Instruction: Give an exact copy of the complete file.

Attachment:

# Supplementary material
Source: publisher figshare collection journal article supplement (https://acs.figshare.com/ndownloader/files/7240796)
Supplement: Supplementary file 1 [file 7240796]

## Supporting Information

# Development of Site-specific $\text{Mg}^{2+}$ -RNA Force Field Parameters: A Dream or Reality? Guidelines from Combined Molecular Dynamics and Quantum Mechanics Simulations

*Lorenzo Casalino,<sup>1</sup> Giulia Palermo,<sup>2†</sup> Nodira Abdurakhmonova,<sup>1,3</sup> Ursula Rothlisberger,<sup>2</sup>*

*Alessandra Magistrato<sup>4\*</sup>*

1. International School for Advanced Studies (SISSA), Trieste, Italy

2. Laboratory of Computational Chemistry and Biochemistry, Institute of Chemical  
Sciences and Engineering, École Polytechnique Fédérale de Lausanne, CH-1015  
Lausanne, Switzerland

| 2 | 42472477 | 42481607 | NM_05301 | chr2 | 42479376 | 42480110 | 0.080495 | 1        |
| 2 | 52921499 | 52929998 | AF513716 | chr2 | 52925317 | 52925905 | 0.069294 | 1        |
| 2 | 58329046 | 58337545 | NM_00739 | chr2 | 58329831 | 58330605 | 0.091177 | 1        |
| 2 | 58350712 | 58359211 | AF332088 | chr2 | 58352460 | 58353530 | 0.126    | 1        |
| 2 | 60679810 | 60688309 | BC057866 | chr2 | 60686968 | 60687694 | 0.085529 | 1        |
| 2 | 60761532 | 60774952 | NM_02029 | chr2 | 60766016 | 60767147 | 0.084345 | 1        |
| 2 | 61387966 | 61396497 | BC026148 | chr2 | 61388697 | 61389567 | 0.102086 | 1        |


# Supplementary material
Source: publisher figshare collection journal article supplement (https://acs.figshare.com/ndownloader/files/7240796)
Supplement: Supplementary file 1 [file 7240796]

## Supporting Information

# Development of Site-specific $\text{Mg}^{2+}$ -RNA Force Field Parameters: A Dream or Reality? Guidelines from Combined Molecular Dynamics and Quantum Mechanics Simulations

*Lorenzo Casalino,<sup>1</sup> Giulia Palermo,<sup>2†</sup> Nodira Abdurakhmonova,<sup>1,3</sup> Ursula Rothlisberger,<sup>2</sup>*

*Alessandra Magistrato<sup>4\*</sup>*

1. International School for Advanced Studies (SISSA), Trieste, Italy

2. Laboratory of Computational Chemistry and Biochemistry, Institute of Chemical  
Sciences and Engineering, École Polytechnique Fédérale de Lausanne, CH-1015  
Lausanne, Switzerland

| 2 | 42472477 | 42481607 | NM_05301 | chr2 | 42479376 | 42480110 | 0.080495 | 1        |
| 2 | 52921499 | 52929998 | AF513716 | chr2 | 52925317 | 52925905 | 0.069294 | 1        |
| 2 | 58329046 | 58337545 | NM_00739 | chr2 | 58329831 | 58330605 | 0.091177 | 1        |
| 2 | 58350712 | 58359211 | AF332088 | chr2 | 58352460 | 58353530 | 0.126    | 1        |
| 2 | 60679810 | 60688309 | BC057866 | chr2 | 60686968 | 60687694 | 0.085529 | 1        |
| 2 | 60761532 | 60774952 | NM_02029 | chr2 | 60766016 | 60767147 | 0.084345 | 1        |
| 2 | 61387966 | 61396497 | BC026148 | chr2 | 61388697 | 61389567 | 0.102086 | 1        |